More research is currently underway examining the environmental conditions and stresses that the material will be exposed to.  The many unknowns associated with Carbon and Capture Storage (CCS) technologies will need to be reviewed thoroughly—unknown concentrations of impurities such as oxygen, carbon monoxide (CO), and sulfur-containing gases like sulfur dioxide (SO2) or hydrogen sulfide (H2S) that are inevitably present in exhaust gases and are expected to be corrosive.  FRP are seen as a potential material solution in this for piping and other construction materials under such conditions.

Geothermal power production is another example where big opportunities for FRP exist with increased education and outreach.  In the geothermal industry, corrosion of plant equipment and structures within and around geothermal power generation facilities can be a major problem.  Issues with corrosion primarily arise due to the presence of salts, hydrogen sulfide (H2S), and silicates in the geothermal water, which cause localized corrosion and scale formation in wells and casings and power generating equipment. 

In both CCS and geothermal, technological advances have created new opportunities for FRP.   Many experts within each of these industries view FRP as a potential material solution for a variety of applications, but to overcome skepticism and uncertainty, education outreach efforts will need to be increased. Economic paradigms have already begun to shift in the past five to seven years, as the price of  metals have steadily rose allowing FRP to compete head to head against stainless steel and other alloys.  The bottom line is that as education regarding FRP continues so will the opportunities. 

For more information on our FRP and its uses, please visit us at http://www.beetlecomposites.com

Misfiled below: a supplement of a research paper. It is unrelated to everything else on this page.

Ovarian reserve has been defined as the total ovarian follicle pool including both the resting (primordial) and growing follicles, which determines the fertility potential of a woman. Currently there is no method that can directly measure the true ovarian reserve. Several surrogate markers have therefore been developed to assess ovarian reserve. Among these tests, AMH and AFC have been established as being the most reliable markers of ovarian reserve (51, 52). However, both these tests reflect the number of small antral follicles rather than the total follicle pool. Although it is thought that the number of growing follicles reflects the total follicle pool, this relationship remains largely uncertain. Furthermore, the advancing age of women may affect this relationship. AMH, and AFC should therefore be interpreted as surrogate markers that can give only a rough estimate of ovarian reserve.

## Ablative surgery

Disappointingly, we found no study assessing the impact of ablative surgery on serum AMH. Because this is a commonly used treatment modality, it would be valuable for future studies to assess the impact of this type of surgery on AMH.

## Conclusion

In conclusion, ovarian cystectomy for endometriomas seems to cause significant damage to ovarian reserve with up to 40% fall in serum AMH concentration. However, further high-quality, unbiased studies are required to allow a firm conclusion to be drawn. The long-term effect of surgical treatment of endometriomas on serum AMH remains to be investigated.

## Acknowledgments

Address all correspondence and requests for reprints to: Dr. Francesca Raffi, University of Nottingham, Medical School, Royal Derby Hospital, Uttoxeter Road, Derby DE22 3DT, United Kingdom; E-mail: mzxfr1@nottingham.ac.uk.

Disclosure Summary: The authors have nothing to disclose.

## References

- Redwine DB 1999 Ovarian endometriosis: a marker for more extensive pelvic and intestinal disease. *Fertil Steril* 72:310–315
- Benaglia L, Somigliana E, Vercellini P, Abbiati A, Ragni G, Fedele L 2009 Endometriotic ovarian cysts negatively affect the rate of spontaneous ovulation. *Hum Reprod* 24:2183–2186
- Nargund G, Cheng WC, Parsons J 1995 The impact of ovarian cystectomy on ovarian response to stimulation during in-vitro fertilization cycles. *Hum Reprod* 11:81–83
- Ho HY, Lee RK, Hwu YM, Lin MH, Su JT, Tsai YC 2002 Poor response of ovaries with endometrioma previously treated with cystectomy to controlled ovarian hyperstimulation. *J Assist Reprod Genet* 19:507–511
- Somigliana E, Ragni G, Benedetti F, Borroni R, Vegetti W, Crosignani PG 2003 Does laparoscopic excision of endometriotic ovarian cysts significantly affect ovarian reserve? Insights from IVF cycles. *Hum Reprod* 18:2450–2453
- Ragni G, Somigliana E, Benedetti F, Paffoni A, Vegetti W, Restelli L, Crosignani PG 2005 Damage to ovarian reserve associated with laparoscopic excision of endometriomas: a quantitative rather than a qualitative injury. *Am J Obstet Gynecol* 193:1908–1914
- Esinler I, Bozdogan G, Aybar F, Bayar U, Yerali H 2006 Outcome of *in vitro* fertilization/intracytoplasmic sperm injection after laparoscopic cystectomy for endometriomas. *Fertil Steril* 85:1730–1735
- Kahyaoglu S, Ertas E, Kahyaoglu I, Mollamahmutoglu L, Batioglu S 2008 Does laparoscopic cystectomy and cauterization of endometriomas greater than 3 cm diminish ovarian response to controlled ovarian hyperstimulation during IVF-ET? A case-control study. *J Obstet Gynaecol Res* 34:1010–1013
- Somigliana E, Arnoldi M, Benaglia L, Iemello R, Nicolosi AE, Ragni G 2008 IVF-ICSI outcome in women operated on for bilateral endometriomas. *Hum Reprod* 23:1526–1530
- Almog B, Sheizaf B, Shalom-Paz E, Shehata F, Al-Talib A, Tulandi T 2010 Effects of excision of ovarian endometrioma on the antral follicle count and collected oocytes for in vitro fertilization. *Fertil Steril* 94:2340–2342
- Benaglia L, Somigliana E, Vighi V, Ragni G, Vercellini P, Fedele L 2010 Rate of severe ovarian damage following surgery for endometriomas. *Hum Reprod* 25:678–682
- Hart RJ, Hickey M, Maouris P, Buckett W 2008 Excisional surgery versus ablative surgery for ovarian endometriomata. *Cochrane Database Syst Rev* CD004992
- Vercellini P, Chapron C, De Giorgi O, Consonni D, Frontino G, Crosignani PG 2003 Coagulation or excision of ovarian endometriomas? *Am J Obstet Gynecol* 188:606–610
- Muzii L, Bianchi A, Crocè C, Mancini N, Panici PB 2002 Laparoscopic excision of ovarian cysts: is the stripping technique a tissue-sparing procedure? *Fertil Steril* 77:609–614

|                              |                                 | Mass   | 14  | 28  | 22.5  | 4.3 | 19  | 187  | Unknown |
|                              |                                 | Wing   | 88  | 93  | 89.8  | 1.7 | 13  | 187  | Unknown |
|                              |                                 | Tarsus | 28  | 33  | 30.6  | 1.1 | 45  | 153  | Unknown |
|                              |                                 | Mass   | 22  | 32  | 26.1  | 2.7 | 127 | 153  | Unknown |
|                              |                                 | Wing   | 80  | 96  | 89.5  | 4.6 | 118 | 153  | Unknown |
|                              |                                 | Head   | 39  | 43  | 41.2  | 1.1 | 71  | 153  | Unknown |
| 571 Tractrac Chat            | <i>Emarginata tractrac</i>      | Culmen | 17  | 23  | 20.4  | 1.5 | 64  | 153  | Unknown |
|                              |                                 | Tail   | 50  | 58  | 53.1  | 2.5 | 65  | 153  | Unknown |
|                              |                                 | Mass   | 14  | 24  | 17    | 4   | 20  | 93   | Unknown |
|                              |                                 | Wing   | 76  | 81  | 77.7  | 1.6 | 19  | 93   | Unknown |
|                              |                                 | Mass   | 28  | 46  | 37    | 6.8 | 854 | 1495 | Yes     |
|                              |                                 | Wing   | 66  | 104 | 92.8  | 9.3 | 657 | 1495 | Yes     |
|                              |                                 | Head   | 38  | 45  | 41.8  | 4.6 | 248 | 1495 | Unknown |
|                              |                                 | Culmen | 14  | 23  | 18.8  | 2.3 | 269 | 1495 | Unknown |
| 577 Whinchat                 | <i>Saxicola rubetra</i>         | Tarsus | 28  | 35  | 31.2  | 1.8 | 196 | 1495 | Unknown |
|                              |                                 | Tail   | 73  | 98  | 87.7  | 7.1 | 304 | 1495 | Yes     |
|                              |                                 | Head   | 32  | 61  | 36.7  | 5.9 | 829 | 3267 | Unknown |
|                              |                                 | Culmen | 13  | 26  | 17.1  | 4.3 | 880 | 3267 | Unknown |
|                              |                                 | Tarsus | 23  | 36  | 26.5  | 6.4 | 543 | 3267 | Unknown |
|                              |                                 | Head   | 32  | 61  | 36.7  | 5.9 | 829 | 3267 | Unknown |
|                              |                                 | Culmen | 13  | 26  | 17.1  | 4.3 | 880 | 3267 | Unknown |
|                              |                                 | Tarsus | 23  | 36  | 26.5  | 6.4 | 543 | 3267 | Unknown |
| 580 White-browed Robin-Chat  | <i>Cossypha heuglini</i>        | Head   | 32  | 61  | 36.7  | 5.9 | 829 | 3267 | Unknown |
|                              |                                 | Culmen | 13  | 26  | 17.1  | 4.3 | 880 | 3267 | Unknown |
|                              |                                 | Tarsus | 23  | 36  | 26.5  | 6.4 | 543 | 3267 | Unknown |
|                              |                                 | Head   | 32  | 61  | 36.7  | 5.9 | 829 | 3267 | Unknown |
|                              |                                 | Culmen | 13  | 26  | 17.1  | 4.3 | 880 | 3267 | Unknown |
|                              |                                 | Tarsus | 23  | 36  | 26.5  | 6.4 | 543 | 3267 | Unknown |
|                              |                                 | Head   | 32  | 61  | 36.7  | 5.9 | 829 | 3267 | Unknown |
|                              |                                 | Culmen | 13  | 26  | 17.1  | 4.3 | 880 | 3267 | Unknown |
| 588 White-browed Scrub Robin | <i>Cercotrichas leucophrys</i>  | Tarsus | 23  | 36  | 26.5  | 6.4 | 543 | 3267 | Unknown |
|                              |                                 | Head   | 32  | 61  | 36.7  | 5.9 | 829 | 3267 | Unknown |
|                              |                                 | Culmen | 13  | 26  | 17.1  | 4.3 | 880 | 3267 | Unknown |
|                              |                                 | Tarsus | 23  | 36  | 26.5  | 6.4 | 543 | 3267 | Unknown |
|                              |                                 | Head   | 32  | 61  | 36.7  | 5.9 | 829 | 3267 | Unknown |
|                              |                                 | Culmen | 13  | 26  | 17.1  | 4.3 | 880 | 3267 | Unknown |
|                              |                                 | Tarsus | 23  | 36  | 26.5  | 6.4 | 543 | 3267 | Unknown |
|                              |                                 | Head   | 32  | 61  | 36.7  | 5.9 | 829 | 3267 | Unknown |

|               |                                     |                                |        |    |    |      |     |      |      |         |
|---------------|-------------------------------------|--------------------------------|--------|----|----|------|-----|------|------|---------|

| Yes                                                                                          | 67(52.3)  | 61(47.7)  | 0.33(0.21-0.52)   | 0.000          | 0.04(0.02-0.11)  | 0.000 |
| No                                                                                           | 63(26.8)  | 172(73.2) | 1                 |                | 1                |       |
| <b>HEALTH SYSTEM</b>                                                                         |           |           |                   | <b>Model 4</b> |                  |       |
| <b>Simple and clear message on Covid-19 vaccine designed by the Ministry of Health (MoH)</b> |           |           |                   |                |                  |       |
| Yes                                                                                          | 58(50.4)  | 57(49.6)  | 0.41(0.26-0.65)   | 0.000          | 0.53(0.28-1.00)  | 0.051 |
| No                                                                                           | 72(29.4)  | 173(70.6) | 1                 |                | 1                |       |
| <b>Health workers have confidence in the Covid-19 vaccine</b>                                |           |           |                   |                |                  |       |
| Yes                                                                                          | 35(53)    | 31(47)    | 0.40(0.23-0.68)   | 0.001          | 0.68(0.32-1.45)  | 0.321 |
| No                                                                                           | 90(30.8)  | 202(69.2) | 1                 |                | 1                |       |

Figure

FRP Pipe Testing using a Vacuum

Have you ever wondered what would happen to a 26″ diameter pipe in a vacuum? Well, we have and because we’re always looking for ways to make our products better, we found out.

We performed vacuum testing on a 26″ diameter pipe to study the effects of fiberglass pipe when subjected to a vacuum condition. The test performed was in accordance with ASTM D2924 and allowed us to determine the vacuum required to cause failure as well as the ultimate failure for analysis. With some outside of the box thinking our engineering was able to set up the test so that the inside of the pipe could be seen throughout the test. What was going on inside the pipe when exposed to a vacuum condition was one of those interesting things that we could not visualize, so we found a way to watch it. The results of the testing provided us important data about our product that can be utilized by our engineering and design personnel and contribute to the continuous product improvement at Beetle Plastics.

The ASTM Test D2924 was conducted on a 26” Diameter Pipe to determine the vacuum required to cause failure mode, and ultimate failure for analysis. The results of the test showed the failure mode was cracking along the lateral line of the inside of the pipe, however the outer wall of the pipe had no visible damage.